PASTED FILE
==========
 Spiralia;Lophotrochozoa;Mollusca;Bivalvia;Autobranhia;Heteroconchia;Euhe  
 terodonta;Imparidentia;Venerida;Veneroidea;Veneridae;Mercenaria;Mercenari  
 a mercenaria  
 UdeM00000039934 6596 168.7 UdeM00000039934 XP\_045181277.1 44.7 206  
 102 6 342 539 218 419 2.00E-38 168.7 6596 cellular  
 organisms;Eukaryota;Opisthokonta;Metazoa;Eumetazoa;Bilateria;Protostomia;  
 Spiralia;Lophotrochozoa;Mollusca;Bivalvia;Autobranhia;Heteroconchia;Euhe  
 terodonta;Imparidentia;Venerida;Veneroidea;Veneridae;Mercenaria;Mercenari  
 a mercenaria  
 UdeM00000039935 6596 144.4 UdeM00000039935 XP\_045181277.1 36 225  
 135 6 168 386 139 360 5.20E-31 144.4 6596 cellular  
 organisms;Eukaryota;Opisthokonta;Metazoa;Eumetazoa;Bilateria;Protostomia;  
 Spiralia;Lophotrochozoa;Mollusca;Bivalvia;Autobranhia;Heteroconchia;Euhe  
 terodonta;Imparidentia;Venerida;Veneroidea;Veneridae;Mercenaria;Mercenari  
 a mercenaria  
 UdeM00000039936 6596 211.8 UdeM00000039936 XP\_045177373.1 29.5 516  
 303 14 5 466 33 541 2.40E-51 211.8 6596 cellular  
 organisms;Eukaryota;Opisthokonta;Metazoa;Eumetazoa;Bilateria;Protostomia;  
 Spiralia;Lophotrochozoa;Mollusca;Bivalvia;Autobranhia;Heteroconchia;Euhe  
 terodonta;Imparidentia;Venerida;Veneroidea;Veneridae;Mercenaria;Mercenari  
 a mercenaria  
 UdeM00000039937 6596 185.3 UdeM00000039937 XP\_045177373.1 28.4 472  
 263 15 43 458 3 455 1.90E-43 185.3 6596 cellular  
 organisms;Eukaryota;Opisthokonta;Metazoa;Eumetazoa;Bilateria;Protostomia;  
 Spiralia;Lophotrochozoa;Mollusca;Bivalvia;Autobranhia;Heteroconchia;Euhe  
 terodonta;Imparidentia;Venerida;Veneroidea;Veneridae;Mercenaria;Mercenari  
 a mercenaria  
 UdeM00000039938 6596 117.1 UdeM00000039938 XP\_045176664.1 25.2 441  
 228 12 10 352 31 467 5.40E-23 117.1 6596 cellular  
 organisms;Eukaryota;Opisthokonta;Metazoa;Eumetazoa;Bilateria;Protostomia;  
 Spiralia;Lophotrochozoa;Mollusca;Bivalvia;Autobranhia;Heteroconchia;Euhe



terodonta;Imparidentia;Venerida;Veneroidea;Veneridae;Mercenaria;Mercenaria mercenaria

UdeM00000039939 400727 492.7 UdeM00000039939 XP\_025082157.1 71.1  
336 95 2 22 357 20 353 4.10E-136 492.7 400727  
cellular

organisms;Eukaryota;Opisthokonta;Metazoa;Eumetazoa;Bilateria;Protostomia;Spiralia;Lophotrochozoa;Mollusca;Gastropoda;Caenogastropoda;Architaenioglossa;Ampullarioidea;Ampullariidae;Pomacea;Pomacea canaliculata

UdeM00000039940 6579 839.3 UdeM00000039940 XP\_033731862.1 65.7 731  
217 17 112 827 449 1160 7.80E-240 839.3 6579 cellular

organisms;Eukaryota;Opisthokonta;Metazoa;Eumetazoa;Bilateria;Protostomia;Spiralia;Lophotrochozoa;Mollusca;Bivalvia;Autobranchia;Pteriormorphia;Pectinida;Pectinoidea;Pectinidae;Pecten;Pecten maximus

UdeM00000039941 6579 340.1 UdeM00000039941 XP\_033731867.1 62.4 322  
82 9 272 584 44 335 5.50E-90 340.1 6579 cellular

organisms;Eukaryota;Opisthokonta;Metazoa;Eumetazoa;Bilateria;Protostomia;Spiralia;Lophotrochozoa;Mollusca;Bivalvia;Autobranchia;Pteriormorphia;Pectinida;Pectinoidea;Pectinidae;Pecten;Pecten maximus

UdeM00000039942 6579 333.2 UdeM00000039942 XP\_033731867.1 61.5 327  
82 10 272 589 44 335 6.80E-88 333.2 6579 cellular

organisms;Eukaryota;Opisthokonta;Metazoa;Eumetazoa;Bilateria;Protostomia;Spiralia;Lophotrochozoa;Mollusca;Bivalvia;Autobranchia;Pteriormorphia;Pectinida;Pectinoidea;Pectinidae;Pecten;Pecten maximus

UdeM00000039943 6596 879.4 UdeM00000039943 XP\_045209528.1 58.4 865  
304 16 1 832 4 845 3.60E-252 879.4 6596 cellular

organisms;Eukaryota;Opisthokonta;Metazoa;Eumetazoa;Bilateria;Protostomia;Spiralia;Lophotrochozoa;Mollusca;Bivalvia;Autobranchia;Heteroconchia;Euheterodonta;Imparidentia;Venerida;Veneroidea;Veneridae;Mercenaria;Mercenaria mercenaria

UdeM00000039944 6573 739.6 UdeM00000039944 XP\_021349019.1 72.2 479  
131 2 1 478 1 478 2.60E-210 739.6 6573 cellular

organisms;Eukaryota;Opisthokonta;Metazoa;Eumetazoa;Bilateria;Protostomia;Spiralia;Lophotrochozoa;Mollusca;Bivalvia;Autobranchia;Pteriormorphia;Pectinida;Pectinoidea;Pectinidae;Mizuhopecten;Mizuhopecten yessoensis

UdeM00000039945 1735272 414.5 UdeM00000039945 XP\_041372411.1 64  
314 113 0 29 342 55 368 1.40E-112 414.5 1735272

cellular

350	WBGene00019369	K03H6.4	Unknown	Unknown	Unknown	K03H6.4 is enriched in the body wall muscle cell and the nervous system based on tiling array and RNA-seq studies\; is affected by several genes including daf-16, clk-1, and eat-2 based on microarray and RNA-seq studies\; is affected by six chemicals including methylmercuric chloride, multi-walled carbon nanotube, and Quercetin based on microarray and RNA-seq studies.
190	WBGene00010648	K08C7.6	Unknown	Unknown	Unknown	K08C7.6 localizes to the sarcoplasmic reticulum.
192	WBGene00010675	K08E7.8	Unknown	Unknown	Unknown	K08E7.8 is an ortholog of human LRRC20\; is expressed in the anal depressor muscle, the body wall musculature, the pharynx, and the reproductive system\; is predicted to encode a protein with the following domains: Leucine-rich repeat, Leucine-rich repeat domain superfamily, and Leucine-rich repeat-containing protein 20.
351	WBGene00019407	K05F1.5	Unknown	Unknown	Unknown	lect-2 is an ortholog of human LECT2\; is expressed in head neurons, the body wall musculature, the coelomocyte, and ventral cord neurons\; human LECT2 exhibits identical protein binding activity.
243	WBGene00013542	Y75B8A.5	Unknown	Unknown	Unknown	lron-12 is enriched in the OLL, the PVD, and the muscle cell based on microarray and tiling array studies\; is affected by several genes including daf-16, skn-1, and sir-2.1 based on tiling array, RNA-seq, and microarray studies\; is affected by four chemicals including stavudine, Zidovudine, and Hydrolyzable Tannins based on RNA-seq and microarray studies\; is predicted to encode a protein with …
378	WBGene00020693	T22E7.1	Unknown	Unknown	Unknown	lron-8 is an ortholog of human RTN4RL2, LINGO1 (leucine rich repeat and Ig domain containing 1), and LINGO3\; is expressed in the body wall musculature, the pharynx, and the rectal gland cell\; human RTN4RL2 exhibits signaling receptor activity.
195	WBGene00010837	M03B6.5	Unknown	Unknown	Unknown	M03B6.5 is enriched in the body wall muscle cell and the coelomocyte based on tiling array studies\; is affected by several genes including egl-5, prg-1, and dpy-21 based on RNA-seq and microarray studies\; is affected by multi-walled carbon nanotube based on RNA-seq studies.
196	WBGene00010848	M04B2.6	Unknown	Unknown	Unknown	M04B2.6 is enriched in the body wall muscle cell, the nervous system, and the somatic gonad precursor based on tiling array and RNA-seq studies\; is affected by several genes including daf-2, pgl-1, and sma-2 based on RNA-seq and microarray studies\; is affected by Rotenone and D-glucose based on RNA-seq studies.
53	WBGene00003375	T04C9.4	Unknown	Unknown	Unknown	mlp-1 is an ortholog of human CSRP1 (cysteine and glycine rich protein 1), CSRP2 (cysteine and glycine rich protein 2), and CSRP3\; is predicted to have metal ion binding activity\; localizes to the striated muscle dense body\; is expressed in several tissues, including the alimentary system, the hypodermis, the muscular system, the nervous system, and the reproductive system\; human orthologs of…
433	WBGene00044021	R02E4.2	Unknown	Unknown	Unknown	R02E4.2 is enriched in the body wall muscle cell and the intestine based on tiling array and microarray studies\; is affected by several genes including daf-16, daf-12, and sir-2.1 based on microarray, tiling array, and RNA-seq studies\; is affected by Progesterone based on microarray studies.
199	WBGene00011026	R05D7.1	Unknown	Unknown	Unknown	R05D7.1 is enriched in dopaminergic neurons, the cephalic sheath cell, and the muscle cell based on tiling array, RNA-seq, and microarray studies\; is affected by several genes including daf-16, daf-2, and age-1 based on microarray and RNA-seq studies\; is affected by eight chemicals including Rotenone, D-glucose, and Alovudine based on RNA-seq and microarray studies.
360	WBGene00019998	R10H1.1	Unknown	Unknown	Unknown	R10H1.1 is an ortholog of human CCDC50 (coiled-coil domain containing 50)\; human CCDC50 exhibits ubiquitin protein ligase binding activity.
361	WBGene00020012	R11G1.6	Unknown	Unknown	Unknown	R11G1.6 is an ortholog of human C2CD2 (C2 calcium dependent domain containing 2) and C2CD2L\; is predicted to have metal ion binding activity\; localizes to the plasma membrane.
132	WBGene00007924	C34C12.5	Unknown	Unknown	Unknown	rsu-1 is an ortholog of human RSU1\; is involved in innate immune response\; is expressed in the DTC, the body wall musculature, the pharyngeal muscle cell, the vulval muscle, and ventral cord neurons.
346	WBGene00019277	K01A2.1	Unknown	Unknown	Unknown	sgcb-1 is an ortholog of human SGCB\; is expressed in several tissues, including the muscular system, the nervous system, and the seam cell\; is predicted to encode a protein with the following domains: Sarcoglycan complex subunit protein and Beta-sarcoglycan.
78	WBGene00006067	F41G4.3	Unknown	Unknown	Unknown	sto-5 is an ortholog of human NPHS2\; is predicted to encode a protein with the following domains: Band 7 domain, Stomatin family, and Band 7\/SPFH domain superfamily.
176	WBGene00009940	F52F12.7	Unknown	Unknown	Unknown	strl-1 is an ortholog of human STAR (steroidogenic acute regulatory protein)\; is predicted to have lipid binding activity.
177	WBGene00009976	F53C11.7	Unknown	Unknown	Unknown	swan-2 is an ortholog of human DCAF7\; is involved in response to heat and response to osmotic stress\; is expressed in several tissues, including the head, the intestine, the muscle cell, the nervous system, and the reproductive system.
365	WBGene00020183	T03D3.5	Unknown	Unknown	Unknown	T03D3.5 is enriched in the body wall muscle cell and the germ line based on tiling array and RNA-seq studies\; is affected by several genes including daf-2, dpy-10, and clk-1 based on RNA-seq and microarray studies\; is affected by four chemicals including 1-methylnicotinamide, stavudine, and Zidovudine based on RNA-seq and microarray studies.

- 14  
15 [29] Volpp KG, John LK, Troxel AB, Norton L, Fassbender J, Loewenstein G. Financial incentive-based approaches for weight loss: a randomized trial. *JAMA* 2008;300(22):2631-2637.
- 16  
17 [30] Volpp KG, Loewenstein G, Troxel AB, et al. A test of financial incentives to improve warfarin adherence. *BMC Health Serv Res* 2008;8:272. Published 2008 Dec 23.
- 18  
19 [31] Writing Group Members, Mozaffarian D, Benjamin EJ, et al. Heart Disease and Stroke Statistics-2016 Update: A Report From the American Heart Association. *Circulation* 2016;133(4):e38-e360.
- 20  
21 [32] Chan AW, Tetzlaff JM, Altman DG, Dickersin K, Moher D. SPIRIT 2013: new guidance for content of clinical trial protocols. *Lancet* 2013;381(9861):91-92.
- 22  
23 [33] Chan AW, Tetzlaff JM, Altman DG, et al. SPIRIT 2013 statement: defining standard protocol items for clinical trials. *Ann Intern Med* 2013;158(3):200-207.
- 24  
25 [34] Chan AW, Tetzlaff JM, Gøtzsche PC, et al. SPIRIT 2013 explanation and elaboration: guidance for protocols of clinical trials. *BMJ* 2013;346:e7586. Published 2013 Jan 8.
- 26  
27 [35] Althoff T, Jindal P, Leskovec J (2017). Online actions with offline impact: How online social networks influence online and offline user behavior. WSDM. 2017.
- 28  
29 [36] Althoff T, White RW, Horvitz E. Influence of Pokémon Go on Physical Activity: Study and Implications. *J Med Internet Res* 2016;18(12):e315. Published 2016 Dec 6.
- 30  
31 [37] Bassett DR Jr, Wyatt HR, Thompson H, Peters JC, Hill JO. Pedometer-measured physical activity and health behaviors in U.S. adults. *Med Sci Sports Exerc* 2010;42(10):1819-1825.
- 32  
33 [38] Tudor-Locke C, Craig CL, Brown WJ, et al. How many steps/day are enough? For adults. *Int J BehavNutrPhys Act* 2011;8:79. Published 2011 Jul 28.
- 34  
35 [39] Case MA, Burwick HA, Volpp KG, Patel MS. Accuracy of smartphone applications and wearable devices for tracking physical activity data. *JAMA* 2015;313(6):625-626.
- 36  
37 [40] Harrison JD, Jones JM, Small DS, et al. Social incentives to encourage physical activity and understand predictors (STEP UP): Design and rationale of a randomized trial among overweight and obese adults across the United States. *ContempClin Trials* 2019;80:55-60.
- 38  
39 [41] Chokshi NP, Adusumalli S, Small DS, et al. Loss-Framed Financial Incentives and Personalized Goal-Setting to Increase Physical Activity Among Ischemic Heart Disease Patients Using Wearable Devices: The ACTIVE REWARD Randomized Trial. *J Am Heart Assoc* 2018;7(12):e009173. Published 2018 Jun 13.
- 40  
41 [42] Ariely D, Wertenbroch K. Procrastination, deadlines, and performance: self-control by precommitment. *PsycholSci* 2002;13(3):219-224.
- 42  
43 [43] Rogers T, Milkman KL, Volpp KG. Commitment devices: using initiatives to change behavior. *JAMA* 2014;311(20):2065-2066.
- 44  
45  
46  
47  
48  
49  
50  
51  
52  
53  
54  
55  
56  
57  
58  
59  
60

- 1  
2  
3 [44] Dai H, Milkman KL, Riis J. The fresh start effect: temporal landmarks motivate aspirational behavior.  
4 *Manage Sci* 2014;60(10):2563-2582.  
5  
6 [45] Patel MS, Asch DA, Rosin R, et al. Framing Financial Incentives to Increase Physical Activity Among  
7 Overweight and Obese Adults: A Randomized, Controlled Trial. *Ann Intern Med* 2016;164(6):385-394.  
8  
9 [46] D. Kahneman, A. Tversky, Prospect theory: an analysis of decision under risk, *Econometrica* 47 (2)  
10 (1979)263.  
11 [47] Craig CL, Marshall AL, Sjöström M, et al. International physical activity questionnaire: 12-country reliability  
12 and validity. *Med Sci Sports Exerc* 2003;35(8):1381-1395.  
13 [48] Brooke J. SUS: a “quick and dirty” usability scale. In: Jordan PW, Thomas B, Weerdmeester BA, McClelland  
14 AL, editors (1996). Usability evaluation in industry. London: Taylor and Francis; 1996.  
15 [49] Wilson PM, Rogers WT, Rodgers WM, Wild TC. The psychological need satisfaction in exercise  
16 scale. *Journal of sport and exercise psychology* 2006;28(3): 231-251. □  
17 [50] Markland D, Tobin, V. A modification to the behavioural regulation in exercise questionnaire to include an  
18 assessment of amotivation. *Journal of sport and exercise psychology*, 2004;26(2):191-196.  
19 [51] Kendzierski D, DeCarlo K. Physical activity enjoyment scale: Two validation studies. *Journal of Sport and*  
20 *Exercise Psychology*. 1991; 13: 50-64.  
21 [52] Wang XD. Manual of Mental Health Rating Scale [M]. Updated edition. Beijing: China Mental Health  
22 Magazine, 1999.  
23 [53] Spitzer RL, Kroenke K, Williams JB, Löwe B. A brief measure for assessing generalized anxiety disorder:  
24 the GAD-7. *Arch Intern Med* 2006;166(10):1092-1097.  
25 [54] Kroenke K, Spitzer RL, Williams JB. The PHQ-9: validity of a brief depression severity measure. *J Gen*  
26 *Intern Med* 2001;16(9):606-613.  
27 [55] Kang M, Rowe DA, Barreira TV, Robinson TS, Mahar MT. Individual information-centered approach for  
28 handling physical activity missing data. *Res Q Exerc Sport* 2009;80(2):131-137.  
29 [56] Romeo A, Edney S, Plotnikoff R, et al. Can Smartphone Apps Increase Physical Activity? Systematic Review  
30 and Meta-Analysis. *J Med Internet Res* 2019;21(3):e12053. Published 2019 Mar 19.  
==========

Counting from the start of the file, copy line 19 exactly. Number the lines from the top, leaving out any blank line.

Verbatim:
 Spiralia;Lophotrochozoa;Mollusca;Bivalvia;Autobranhia;Heteroconchia;Euhe  